In western popular culture Buddhist monks often are depicted as unflappably serene, wise, and really, really nice. So it might be jarring to hear about Buddhist monks behaving very badly. But, in fact, sometimes they do behave very badly.
Recently Korea was scandalized by a video showing Jogye monks drinking and playing high-stakes poker. Jogye is a Korean school of Zen. It is alleged that two monks also paid for prostitutes. The order has denied that allegation and has filed a libel suit against the Wall Street Journal, where the allegation first appeared.
Jogye has not denied the gambling (illegal outside a casino) and drinking, however. Needless to say, a number of precepts were broken here. Six leaders of Jogye have resigned.
Yesterday in Alabama a monk was charged with murdering another monk in a fight over food. Keep in mind that the accused monk deserves the presumption of innocence, and it's entirely possible the police arrested the wrong man. All we know for certain is that a monk was found beaten to death in Wat Buddharaksa Temple in Mobile County.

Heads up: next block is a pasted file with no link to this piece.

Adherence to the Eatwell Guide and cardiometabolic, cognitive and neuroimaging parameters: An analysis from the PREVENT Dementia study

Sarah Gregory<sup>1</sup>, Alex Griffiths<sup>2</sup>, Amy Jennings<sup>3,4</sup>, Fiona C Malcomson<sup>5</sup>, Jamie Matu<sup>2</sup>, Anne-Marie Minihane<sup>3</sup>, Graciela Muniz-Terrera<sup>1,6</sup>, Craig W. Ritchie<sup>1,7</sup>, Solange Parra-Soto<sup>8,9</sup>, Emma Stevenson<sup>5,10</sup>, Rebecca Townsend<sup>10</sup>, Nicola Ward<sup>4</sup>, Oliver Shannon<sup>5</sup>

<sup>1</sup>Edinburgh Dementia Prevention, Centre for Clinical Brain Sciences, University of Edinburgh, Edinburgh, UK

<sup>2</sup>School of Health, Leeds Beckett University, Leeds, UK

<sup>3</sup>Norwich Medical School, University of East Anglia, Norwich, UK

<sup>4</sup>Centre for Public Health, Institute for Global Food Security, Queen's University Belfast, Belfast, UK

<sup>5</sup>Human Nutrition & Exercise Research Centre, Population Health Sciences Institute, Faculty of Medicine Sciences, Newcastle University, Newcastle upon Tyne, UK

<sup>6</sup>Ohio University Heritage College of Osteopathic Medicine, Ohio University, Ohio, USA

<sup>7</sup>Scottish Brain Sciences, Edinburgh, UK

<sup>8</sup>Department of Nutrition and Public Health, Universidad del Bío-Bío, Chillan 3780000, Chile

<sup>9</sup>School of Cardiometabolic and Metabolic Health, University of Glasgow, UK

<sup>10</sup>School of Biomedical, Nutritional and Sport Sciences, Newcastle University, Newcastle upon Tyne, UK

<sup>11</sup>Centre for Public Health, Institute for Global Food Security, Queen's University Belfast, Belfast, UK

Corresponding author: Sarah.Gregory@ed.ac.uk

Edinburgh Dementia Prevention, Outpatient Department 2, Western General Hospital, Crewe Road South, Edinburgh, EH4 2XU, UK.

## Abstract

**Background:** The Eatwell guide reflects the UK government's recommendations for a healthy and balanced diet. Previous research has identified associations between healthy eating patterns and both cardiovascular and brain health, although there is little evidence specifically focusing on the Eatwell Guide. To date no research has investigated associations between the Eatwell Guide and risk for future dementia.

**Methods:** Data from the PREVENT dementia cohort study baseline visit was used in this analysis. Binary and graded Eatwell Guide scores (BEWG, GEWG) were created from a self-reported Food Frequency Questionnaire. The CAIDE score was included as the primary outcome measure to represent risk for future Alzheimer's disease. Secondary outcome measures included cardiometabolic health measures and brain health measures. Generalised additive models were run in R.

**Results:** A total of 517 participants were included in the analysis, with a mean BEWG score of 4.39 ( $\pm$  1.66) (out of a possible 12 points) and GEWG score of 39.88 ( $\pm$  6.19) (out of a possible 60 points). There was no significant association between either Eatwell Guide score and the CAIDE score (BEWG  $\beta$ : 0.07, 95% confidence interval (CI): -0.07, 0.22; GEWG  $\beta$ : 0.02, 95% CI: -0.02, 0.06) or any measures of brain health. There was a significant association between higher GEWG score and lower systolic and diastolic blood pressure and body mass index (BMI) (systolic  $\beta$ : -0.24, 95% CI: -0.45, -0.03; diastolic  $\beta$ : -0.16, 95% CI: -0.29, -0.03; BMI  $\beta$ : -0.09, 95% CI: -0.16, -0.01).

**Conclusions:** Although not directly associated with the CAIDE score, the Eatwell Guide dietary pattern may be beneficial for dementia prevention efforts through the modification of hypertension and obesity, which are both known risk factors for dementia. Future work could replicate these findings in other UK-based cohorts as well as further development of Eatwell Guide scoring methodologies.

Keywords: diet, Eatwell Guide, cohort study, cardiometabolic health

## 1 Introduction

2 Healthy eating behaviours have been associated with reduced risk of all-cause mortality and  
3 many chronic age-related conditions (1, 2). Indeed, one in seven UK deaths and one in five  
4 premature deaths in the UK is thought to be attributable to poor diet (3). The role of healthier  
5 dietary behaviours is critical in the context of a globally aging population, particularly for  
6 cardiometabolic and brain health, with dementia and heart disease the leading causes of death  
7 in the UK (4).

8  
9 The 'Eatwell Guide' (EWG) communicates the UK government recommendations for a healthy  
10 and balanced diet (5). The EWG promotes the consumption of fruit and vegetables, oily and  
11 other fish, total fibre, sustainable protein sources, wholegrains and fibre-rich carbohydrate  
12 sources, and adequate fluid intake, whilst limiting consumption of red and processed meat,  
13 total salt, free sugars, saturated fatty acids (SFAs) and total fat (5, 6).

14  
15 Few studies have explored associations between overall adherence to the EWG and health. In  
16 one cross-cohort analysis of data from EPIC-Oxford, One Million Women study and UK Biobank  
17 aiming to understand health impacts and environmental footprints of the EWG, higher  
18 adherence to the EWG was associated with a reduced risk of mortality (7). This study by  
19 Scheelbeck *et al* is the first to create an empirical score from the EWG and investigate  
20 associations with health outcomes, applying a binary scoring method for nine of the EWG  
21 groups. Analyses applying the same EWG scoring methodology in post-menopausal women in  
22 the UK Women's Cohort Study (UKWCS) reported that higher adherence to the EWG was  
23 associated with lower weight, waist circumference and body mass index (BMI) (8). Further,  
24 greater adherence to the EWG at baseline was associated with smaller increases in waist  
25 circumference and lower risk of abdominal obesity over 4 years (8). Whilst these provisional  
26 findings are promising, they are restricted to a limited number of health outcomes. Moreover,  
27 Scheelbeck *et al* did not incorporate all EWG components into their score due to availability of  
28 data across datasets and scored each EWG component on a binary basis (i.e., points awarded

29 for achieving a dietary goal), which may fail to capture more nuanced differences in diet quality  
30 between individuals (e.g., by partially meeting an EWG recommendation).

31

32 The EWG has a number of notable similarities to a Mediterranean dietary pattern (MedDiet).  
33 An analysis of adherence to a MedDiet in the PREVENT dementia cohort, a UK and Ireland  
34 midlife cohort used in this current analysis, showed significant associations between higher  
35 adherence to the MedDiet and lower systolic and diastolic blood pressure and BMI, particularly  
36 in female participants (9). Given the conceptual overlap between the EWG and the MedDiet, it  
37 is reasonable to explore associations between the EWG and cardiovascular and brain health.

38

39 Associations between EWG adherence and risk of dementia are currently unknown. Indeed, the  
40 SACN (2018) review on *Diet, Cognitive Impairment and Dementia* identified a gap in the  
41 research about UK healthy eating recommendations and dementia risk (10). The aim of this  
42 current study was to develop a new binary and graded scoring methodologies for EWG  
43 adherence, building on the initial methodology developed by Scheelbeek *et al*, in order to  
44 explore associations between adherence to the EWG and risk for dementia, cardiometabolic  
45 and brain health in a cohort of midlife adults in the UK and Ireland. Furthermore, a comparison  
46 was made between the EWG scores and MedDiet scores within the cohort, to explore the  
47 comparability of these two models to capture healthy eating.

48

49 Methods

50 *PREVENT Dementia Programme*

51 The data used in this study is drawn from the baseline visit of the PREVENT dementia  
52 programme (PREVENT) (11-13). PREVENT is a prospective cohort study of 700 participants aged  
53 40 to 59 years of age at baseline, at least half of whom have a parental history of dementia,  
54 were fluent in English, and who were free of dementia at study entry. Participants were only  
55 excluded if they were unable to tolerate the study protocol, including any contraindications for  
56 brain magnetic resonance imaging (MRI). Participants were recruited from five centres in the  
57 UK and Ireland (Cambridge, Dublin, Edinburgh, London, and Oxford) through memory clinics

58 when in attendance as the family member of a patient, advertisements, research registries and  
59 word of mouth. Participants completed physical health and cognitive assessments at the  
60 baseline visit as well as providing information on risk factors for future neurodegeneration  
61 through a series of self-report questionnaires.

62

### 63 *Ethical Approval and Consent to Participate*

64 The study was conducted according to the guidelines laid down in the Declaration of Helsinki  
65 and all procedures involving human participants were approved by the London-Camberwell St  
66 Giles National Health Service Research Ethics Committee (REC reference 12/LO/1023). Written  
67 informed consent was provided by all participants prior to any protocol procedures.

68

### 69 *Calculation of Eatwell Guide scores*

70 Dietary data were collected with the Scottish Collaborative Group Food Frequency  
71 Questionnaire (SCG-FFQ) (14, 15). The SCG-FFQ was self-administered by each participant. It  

The accused monk also had been behaving strangely, refusing to speak and isolating himself. It's possible he had some kind of psychiatric illness.
Awhile back I wrote about charges of sexual abuse in U.S. Theravada temples. One monk who (according to DNA evidence) impregnated an adolescent girl in a Chicago-area temple was arrested in Anchorage, Alaska, where he had been working as a dishwasher.
Obviously we don't want to make judgments about all monks because of the bad behavior of the few. My larger concern is that so often when someone's unrealistically romantic notions of Buddhism and Buddhist monks come crashing to earth, the result is what I call Michael Jerryson Syndrome. Sufferers of MJS begin as besotted romantics, and then when disillusioned flip to the opposite extreme and rage against Buddhism as an evil that must be exposed. Neither extreme is skillful.
The truth is that all kinds of people become monks, often for less than spiritually pure reasons. In much of Asia Buddhist monks enjoy high social status and authority, for example, which can be very tempting perks. And nobody becomes unflappably serene just by shaving his head and putting on a robe.